According to this publication, aimed at contributing to developing immediate actions and interventions that will enhance resilience and support the continuity of activities in the seed sector, taking the unpredictability of the crisis and the seasonal dependency of the seed sector into account, raised concern that COVID-19 measures reduce mobility of farmers as farmers cannot travel to points of sale, agro-dealers, formal and informal markets, where they purchase quality seed and other agricultural inputs.
Difficulties to reach or even operate within markets or locations
Adding that, agro-dealers, traders and other seed entrepreneurs have difficulties to reach or even operate within markets or locations where they do their business; this challenges their ability to sell quality seed and agro-inputs
The report reveals that COVID-19 measures reduce mobility of farmers as they cannot travel to points of sale, agro-dealers, and formal and informal markets, where they purchase quality seed and other agricultural inputs. Agro-dealers, traders and other seed entrepreneurs have difficulties to reach or even operate within markets or locations where they do their business; this challenges their ability to sell quality seed and agro-inputs.
The measure allows only authorized persons, such as certified agro-dealers, seed companies, seed inspectors and farmers entrance to the markets.
“The COVID-19 measures negatively impact the functioning of field inspection and laboratory testing required for seed certification while NASC inspection officers are hampered inspecting seed production fields.
Hampered quality assurance services
“Hampered quality assurance services create a risk to the business model of seed
companies and producers in the production of certified seed of improved varieties. A subsequent result is that because of scarcity, seed prices will increase, and
some entrepreneurs will put on the market carry-over or substandard seed,” the report states.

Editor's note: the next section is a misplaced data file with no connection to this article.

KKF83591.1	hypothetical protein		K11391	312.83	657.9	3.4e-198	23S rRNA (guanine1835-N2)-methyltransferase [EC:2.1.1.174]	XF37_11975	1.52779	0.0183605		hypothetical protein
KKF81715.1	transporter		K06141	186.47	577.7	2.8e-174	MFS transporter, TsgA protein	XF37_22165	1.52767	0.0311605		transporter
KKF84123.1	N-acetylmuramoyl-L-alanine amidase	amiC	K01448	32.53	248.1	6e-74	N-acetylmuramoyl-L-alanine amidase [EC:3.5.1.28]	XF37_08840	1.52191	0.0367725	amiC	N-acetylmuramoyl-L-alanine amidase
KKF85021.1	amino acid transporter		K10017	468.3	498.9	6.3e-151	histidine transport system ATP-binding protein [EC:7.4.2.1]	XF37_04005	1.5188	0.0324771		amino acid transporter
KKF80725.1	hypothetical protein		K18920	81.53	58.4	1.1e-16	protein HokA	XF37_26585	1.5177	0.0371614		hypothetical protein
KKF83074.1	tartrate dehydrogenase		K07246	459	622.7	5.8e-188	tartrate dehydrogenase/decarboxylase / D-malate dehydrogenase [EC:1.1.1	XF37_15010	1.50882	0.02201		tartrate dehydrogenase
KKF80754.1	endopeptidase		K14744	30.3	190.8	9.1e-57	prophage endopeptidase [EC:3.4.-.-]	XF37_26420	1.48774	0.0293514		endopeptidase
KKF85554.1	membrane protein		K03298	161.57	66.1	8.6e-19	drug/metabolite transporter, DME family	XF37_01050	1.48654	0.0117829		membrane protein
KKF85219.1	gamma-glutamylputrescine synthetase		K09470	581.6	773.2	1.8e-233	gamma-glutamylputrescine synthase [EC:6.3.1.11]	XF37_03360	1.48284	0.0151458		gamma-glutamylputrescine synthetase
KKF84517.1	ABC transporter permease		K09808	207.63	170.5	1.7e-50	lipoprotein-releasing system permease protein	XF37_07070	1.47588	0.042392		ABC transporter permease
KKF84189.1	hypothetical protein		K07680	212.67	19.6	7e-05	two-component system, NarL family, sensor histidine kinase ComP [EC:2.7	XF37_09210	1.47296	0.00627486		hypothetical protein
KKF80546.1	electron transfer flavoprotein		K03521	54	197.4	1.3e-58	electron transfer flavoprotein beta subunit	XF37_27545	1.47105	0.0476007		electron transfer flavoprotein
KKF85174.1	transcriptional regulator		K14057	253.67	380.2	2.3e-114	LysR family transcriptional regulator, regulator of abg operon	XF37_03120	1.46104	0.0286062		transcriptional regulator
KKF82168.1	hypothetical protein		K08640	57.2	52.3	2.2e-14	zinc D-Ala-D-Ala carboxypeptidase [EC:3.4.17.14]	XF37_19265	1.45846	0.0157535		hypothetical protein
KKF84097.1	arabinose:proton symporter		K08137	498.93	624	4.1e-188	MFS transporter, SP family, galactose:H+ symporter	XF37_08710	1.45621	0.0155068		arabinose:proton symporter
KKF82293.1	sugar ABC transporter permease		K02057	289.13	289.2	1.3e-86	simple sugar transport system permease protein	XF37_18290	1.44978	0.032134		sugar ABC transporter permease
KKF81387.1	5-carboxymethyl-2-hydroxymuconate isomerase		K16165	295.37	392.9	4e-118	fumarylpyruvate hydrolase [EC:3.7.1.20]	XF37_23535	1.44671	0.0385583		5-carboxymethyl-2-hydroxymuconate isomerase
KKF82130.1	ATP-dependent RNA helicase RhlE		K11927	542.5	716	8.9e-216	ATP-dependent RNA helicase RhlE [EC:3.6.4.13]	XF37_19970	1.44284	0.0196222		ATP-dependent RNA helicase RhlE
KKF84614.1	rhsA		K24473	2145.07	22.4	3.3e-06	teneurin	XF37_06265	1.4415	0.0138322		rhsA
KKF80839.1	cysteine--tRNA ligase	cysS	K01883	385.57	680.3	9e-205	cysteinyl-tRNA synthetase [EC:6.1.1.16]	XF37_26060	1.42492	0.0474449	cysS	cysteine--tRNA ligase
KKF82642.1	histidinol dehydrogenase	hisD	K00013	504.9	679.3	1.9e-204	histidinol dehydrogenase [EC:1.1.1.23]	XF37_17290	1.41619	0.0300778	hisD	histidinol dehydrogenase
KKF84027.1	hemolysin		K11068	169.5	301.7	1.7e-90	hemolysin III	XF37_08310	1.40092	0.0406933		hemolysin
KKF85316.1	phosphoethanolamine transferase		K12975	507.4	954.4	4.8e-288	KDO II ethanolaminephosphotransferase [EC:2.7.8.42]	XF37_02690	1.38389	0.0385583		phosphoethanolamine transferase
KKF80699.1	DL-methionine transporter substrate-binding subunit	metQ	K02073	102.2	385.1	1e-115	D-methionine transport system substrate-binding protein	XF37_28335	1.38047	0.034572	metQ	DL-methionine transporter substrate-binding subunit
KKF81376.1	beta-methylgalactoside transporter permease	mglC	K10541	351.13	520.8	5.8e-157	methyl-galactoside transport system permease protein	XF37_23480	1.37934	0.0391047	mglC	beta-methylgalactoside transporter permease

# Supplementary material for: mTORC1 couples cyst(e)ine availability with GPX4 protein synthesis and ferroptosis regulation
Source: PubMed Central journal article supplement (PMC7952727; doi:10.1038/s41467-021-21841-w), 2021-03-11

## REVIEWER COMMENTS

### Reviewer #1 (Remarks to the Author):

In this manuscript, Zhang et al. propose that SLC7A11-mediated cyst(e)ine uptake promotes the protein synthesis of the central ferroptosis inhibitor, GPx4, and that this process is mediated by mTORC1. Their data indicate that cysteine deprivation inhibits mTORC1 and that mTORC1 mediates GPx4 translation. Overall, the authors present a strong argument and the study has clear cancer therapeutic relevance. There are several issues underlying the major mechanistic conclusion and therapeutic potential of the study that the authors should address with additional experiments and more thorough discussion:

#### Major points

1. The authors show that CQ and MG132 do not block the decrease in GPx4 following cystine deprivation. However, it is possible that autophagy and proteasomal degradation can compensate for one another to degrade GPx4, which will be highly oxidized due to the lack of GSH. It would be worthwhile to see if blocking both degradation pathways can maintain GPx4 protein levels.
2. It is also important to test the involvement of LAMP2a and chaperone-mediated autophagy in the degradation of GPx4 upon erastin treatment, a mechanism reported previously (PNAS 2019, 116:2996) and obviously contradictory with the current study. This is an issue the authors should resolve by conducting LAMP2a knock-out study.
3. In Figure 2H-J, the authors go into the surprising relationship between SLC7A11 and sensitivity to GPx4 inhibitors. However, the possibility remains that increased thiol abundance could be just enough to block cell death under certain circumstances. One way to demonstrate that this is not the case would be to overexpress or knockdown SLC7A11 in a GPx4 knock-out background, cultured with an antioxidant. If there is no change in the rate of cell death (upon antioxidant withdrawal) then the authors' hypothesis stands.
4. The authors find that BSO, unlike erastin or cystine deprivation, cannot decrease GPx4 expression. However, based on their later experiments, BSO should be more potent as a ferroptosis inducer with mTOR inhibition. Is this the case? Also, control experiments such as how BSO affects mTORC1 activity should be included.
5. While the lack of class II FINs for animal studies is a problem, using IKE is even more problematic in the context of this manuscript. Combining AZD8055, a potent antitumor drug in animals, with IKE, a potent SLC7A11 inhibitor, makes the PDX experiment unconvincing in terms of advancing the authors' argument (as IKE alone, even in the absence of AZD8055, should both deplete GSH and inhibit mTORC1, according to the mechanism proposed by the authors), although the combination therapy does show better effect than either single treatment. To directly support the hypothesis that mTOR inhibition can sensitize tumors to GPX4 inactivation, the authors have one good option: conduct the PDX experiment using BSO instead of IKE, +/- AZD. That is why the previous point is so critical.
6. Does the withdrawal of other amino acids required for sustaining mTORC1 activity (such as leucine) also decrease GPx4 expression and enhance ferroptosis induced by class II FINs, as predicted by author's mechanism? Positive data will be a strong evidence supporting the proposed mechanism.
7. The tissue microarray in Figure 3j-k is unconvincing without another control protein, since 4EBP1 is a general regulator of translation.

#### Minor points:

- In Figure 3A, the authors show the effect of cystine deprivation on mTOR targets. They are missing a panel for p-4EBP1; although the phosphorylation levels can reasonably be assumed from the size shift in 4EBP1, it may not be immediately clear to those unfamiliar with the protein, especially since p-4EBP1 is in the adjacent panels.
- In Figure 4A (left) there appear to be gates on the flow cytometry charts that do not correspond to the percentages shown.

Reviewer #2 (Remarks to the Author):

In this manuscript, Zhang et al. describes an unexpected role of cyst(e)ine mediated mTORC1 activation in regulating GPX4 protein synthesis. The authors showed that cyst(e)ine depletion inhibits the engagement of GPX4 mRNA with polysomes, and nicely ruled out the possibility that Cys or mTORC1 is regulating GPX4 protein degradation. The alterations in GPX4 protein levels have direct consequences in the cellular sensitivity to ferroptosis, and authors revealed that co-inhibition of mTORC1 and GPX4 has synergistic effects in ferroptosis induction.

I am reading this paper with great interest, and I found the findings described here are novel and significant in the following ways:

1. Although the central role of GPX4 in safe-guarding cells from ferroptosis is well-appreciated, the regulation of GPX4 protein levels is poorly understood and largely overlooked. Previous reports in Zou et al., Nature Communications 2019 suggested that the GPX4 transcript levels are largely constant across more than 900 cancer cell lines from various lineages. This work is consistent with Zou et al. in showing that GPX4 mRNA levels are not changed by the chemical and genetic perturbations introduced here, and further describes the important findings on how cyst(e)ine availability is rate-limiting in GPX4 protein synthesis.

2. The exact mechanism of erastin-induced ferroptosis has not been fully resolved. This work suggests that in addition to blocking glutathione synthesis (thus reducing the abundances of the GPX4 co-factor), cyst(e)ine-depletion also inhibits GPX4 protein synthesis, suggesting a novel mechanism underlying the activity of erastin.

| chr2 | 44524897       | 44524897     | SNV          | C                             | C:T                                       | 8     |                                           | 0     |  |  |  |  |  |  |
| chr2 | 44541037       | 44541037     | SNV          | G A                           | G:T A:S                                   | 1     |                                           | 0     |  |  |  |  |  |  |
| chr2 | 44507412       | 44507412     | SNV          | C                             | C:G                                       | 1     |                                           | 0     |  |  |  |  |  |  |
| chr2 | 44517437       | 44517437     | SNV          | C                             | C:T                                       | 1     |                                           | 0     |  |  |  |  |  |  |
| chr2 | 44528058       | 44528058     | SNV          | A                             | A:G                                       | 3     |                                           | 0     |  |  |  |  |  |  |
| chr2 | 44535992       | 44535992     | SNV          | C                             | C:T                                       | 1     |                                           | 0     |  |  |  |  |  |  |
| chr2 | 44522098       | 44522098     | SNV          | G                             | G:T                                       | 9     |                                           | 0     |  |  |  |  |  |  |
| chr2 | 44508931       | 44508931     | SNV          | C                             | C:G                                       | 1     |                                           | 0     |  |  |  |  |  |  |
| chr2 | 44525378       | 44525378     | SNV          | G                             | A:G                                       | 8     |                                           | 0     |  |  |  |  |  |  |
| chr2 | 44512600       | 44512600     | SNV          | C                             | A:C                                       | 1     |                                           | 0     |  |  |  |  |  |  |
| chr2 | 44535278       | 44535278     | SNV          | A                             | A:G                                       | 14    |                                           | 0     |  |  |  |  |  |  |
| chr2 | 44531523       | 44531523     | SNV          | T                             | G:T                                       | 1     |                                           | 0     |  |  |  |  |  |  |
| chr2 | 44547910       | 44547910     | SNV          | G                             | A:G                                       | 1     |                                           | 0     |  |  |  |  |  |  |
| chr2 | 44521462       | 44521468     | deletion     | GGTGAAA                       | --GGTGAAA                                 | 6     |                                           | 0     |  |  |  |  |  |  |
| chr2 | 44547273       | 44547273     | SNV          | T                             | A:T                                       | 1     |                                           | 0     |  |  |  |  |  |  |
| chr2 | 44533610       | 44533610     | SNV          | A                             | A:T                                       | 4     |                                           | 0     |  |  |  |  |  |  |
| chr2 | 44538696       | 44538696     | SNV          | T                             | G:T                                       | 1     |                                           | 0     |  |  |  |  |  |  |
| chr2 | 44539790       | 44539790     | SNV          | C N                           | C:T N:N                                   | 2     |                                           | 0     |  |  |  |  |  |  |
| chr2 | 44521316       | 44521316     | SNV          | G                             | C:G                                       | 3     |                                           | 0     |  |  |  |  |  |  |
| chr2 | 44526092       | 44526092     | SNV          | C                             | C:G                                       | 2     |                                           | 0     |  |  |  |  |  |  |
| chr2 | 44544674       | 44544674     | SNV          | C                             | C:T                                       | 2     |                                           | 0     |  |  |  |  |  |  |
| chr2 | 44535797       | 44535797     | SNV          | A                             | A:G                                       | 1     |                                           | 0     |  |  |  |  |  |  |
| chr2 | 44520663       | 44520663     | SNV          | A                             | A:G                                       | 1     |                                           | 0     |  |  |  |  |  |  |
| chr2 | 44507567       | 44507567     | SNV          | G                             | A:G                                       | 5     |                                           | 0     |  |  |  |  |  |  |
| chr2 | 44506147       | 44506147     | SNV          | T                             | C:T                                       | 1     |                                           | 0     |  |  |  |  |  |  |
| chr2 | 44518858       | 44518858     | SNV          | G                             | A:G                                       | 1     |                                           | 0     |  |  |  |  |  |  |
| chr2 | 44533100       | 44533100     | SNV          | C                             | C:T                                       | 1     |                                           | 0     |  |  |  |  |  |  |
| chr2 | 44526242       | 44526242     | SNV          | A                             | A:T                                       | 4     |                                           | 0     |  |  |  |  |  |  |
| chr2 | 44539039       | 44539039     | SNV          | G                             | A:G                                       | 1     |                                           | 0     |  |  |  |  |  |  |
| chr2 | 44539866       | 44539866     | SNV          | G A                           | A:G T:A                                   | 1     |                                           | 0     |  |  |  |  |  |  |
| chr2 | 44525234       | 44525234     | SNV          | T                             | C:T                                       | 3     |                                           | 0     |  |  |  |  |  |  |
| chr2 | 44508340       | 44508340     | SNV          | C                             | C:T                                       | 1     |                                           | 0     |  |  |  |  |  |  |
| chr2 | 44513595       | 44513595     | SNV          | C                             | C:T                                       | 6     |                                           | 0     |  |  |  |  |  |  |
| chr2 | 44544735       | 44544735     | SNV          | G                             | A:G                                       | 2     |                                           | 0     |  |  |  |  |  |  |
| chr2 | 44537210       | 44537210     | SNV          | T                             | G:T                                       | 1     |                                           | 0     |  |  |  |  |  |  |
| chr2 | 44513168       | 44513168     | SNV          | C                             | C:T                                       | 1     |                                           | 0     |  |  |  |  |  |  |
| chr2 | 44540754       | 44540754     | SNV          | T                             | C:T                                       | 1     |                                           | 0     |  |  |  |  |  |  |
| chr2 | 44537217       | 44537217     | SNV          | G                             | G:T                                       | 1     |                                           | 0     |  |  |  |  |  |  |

Alhaji Liman Adamu, a seed producer, said the lockdown is not affecting seed production but seed suppliers and farmers. He said the task force action towards farmers’ movement has greatly affected farmers access to seeds.
“Seeds should be with farmers since March, but till now most have not accessed improved seeds because of the lockdown and the way the task force members are handling the whole thing.
“Seed producers are losing a lot because of low patronage, you can image that I had to sale a seeds that worth N45,000 at the rate of N10,000 because they farmers have not access to purchase seeds,” he said
But more encouraging is the proactive measures taken by the National Agricultural Seeds Council (NASC) to ensure that seed is available for the upcoming planting season and also to ensure seed production.
Recently, during a Webinar press conference with journalists, the Director General, Dr. Philip Olusegun Ojo, said the Council is doing all within reach to ensure that seed sector related activities are sustained and promoted even in the midst of the pandemic for Nigeria to be able to have continuous supply of adequate quantities of food for its population.
And because of the impact of the lockdown, NASC uses a decentralized model for organizing the markets that allows quality seed and agro-inputs to be transported close to farmers, and thus reduce the distance that farmers need to travel to access inputs.
Ojo said the government now to review regularly the interstate movement of essential agricultural goods and services (by agencies at federal and state level) and provide guidance on measures to be taken to responsible authorities.
And that the authority responsible should ensure that the services and business of seed companies and agro-input dealers are designated as essential and should communicate their role as essential to food security and the national economy
widely through all traditional and social media platforms
The report further encourages governments to provide seed subsidies to farmers as a palliative measure and ensure subsidies only to be applicable for seed purchased from NASC approved seed companies and producers share in a structured manner and at state level information on the availability of seed with companies and producers.
“Engage in an organized manner in the marketing and distribution of the subsidized seed directly to farmers and ensure seed quality and package identity to allow companies to remain accountable for seed quality, and reduce opportunities for substandard or fake seed.